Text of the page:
In Chapter 2, we reviewed the current literature for alternative enrichment methods that bypass blood culturing by extracting bacteria from whole blood using diverse capture agents often coupled to magnetic beads. These agents include components of the immune system, phage proteins, aptamers, or antimicrobial peptides. The ability to capture live pathogens allows potential combination with routine downstream analyses and facilitates phenotypic antimicrobial susceptibility testing. Our literature research revealed that some capture agents exhibit broad specificity, making them applicable across a diverse range of pathogens, while others demonstrate high specificity for particular species, enabling targeted detection. Despite promising sensitivity and throughput of several capture molecules, none of them seem to possess the optimal combination of stability, efficiency, sensitivity, and cost-effectiveness. Considering the favorable attributes of nanobodies, including their exceptional stability and small size, they unite all features of an ideal capture molecule.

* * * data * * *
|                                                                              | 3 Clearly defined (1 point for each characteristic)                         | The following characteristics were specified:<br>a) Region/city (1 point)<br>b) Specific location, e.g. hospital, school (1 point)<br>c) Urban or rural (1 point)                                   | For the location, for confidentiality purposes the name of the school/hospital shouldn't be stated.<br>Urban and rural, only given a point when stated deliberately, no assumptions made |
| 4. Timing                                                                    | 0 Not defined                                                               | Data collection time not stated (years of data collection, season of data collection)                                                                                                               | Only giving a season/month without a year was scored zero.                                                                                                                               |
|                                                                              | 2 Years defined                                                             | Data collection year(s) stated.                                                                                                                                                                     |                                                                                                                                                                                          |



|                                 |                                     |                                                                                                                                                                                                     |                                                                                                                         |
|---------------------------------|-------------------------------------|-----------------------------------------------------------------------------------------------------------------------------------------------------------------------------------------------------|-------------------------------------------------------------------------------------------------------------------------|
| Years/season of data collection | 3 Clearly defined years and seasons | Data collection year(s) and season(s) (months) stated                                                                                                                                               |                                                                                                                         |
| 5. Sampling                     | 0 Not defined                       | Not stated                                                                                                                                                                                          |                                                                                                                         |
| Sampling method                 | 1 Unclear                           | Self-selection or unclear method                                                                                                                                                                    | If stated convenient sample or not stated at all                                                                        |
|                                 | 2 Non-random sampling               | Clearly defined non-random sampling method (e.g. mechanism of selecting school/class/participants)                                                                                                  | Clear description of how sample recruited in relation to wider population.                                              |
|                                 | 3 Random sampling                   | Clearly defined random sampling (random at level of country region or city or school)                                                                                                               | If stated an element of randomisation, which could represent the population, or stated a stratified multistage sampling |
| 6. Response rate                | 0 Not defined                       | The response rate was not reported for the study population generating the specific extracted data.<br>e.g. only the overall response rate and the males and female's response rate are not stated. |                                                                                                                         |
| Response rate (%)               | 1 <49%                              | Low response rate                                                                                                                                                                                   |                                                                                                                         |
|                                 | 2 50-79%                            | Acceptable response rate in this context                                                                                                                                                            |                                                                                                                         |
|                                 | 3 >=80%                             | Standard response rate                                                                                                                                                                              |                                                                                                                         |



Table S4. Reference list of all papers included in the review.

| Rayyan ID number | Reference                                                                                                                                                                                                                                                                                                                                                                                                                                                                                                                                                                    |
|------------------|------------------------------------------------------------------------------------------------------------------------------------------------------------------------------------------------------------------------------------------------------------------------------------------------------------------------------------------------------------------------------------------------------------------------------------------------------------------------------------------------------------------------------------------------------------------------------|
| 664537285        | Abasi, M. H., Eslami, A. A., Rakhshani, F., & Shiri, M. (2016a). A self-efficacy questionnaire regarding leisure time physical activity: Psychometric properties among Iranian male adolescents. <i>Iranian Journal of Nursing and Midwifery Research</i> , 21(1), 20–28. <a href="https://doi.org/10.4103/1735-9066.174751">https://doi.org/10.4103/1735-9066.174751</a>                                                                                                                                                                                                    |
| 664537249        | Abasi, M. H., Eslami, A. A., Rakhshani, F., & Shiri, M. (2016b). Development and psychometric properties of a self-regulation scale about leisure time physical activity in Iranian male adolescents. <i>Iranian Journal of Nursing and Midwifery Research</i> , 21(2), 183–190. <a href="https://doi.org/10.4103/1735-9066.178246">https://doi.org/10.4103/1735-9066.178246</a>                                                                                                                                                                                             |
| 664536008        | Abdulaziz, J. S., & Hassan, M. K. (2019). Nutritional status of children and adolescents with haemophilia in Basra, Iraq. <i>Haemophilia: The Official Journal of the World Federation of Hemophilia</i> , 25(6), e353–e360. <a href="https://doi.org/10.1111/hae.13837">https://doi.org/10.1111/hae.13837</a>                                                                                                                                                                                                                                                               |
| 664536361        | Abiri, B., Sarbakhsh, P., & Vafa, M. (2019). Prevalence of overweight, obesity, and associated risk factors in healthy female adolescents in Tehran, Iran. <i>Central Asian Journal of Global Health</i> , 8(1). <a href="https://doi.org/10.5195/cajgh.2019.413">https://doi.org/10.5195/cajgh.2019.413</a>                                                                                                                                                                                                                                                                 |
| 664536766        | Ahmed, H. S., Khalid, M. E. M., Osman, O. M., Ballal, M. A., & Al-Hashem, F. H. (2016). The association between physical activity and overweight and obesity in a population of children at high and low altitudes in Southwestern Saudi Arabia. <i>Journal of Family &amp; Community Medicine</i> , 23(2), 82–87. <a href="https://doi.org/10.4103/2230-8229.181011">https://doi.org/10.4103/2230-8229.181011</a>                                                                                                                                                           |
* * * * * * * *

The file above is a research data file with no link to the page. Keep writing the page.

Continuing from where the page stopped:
In Chapter 3, we present the identification of E. coli-specific nanobodies designed for the sensitive capture of concentrations below 50 CFU/mL. Aiming for live capture, our strategy centered around targeting the bacterial cell surface. Given the high diversity of lipopolysaccharides, we chose to target the conserved and abundantly present outer membrane proteins OmpA and OmpF. To achieve this, we purified the two most frequently found sequence variants of OmpA of E. coli (EcOmpA), denoted as OmpA-short and OmpA-long isoforms, as well as OmpF. Purified outer membrane proteins were utilized in alpaca immunizations and subsequent phage display selections. Employing the NestLink technology, we identified nanobodies binding in the native cellular context to the outer membrane proteins. Owing to the higher abundance on the cell surface, our nanobody characterization focused on the two isoforms of OmpA. Structure determination using X-ray crystallography revealed interactions of the nanobodies with all four surface-exposed loops of OmpA-short or OmpA-long, respectively. Flow cytometry confirmed cellular context binding and determined an E. coli species coverage of 91 % within the 661k database containing 85,680 E. coli OmpA sequences. These nanobodies were then applied to establish a magnetic capture assay for the efficient enrichment of pathogenic E. coli from buffer solution. To bridge the O-antigen layer present in clinical strains, we engineered linkers of increasing length and adjusted growth conditions and buffers. Thereby we demonstrated efficient capture of a broad set of clinical strains.